I was very wrong. The car is incredibly powerful, and you can absolutely feel it. You can hear it and smell it, and when you put your foot to the floor its like a hundred invisible ghosts are yanking you back into your seat by your hair. But what it isn't, incredibly, is savage. The engineers may have done too good a job, in some ways, taming and channeling the force of the beast. I came in expecting a Sasquatch, and instead found a Sasquatch who has an MFA from Princeton and just made me an amazing frittata. This is both the most impressive thing and the biggest letdown of the GT500.
See, you kind of want it to be a bit of a brute— or, more accurately feel like one. It's very composed on the road, the clutch is satisfyingly firm but not grabby, the power delivery is loud, potent, and ultimately controllable. All good qualities.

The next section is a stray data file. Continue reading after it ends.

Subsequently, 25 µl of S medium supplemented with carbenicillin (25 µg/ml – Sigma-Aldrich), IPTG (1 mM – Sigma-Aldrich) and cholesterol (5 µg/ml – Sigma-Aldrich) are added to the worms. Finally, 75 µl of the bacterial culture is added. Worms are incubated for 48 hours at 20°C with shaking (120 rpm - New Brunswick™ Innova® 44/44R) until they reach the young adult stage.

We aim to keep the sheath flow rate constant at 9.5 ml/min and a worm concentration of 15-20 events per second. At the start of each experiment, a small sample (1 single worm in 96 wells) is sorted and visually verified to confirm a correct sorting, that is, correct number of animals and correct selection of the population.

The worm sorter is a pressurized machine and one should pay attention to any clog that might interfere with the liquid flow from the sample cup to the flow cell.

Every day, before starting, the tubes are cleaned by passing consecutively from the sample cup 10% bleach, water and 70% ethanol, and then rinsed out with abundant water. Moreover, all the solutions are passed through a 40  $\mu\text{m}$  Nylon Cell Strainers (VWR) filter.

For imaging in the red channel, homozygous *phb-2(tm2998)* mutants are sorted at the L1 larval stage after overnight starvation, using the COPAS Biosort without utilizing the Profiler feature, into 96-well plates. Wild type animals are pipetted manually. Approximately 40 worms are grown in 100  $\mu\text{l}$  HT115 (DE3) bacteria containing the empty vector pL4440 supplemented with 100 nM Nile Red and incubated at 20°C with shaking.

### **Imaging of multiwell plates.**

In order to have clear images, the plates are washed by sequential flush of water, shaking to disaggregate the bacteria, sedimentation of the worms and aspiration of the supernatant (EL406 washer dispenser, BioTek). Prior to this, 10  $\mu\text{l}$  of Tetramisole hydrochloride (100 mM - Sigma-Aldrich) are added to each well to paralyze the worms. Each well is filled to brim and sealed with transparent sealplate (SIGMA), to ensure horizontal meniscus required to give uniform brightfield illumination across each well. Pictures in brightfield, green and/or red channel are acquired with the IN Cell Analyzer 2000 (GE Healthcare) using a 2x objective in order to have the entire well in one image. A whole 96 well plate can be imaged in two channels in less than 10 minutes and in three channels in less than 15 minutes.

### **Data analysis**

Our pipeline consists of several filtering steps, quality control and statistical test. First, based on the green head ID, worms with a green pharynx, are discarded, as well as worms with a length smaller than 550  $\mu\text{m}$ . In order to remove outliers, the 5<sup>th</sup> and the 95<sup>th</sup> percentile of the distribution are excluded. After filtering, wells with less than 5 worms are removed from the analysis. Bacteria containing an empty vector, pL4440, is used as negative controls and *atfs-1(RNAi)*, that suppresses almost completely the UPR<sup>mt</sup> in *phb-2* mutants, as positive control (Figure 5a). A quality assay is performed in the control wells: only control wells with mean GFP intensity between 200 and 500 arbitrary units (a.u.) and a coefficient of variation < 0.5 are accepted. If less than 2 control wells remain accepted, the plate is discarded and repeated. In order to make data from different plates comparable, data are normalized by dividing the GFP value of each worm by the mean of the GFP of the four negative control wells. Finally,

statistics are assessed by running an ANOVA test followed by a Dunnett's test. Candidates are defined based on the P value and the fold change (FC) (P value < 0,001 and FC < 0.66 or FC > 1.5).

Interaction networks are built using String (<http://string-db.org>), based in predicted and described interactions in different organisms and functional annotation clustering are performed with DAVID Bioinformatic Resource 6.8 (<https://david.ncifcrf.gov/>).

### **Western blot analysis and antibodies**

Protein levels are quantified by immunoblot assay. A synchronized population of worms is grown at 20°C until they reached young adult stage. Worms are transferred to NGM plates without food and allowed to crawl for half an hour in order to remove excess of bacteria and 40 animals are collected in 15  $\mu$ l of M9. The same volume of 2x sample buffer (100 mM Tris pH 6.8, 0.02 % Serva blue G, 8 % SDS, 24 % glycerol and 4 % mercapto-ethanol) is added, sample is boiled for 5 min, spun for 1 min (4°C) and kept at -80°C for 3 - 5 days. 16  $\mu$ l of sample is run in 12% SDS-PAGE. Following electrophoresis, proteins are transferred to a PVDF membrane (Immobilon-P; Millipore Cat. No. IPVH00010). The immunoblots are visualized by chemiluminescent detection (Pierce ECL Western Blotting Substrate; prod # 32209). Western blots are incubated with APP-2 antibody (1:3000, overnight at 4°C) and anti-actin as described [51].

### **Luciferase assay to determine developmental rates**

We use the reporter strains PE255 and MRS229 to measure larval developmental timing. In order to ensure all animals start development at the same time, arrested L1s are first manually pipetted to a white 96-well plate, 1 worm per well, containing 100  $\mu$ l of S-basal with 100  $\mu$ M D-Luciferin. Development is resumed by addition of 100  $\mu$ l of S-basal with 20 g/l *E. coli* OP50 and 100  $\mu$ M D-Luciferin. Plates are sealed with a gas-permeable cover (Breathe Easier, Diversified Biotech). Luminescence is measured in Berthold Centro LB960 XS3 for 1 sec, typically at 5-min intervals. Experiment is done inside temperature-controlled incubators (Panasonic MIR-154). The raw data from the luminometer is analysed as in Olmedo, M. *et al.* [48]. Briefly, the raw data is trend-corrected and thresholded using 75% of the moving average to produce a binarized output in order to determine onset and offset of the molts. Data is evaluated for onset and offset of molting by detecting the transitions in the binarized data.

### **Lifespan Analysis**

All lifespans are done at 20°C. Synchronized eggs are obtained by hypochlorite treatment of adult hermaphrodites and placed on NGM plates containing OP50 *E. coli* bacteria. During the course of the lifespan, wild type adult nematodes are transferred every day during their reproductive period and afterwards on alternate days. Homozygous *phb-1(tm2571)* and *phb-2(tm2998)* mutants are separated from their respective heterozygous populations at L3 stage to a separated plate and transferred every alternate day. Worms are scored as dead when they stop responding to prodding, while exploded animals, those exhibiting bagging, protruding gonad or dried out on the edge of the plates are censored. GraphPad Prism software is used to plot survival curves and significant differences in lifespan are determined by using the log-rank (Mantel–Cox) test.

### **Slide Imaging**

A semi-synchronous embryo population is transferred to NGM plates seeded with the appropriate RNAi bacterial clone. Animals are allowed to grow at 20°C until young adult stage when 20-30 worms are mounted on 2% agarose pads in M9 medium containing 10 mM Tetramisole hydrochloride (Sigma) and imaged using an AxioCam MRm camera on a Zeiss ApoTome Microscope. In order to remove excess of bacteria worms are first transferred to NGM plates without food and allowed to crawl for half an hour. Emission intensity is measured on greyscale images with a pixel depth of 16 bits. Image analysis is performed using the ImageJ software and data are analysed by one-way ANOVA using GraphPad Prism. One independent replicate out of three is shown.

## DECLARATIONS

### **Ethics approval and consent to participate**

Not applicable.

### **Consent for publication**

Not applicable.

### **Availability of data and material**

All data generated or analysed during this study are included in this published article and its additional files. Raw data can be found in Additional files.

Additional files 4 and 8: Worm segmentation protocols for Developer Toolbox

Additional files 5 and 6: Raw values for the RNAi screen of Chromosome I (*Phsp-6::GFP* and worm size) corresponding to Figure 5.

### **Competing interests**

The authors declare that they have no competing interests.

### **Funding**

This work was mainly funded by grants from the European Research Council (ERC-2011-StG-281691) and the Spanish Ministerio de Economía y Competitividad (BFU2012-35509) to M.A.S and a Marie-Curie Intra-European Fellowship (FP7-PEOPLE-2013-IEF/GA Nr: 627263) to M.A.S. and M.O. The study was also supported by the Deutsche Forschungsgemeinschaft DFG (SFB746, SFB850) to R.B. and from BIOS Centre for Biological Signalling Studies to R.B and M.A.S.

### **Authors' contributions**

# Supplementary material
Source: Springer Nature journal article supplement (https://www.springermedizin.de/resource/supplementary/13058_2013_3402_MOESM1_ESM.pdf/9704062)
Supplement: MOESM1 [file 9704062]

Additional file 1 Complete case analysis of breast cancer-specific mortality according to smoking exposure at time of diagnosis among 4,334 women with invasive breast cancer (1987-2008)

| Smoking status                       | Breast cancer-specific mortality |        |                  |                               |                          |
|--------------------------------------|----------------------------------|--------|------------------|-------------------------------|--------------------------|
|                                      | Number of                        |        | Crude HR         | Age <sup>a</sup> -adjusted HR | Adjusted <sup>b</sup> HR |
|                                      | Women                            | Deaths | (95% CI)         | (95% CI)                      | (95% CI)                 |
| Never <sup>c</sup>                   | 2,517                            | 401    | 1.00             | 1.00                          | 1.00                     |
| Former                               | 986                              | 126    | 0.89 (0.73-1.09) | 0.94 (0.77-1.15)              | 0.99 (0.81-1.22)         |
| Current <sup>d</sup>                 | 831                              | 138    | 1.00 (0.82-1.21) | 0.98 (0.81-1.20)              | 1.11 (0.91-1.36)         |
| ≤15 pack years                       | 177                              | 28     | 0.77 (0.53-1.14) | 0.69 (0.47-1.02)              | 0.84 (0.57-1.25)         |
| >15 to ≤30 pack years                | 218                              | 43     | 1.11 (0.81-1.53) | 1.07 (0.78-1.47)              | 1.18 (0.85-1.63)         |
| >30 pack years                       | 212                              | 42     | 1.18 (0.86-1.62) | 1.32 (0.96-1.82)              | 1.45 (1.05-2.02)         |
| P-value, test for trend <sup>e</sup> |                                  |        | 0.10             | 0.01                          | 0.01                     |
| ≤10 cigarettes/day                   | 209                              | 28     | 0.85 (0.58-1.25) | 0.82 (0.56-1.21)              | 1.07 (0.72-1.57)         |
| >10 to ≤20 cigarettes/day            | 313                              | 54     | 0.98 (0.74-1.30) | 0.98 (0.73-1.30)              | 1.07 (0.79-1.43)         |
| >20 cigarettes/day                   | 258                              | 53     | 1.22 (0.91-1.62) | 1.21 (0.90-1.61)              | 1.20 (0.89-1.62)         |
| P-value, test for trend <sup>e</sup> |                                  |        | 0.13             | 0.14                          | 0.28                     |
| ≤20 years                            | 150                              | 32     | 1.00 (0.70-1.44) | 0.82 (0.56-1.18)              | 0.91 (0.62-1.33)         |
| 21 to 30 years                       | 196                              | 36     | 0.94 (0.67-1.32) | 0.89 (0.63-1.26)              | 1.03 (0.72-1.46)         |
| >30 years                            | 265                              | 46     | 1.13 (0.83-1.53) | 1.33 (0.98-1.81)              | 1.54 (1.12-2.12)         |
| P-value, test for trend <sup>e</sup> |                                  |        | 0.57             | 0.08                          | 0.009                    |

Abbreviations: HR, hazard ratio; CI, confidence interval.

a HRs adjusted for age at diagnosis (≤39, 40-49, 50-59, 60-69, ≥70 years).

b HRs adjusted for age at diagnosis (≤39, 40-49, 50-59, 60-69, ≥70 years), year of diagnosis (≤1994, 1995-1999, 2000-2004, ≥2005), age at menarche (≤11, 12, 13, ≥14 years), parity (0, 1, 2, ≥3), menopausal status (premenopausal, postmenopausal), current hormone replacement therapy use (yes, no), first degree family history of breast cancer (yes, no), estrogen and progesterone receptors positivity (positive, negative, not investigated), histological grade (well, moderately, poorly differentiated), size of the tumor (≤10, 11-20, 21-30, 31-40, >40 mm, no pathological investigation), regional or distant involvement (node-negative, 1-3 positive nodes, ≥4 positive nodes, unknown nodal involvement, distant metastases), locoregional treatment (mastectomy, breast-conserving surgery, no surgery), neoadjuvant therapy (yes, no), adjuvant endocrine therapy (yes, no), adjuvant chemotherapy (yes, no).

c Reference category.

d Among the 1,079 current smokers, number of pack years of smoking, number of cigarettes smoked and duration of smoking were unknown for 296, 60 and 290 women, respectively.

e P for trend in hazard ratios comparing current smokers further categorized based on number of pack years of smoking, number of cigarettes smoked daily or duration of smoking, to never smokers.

Overall, handling was better than I assumed it would be. The live rear axle (which one engineer admitted was still a "great debate") was set up well enough that I honestly didn't find myself wishing for an IRS rear. Maybe on rough surfaces or a cobblestone track it would make more of a difference, but on Road Atlanta's tarmac, I found it very well composed. The car is pretty neutral with a hint of understeer, and can be made to oversteer enough to keep things exciting. Brakes are incredible, stopping forcefully and without drama, and the transmission is interesting. Great lever, with a fine white simple knob, but the ratios do take some getting used to. For example, you can hit 60 in first, and third is a wildly tall gear that can easily break 100. I'm pretty sure I touched 130 in 3rd gear at one point. You could almost drive the car like a loud automatic in first only around town.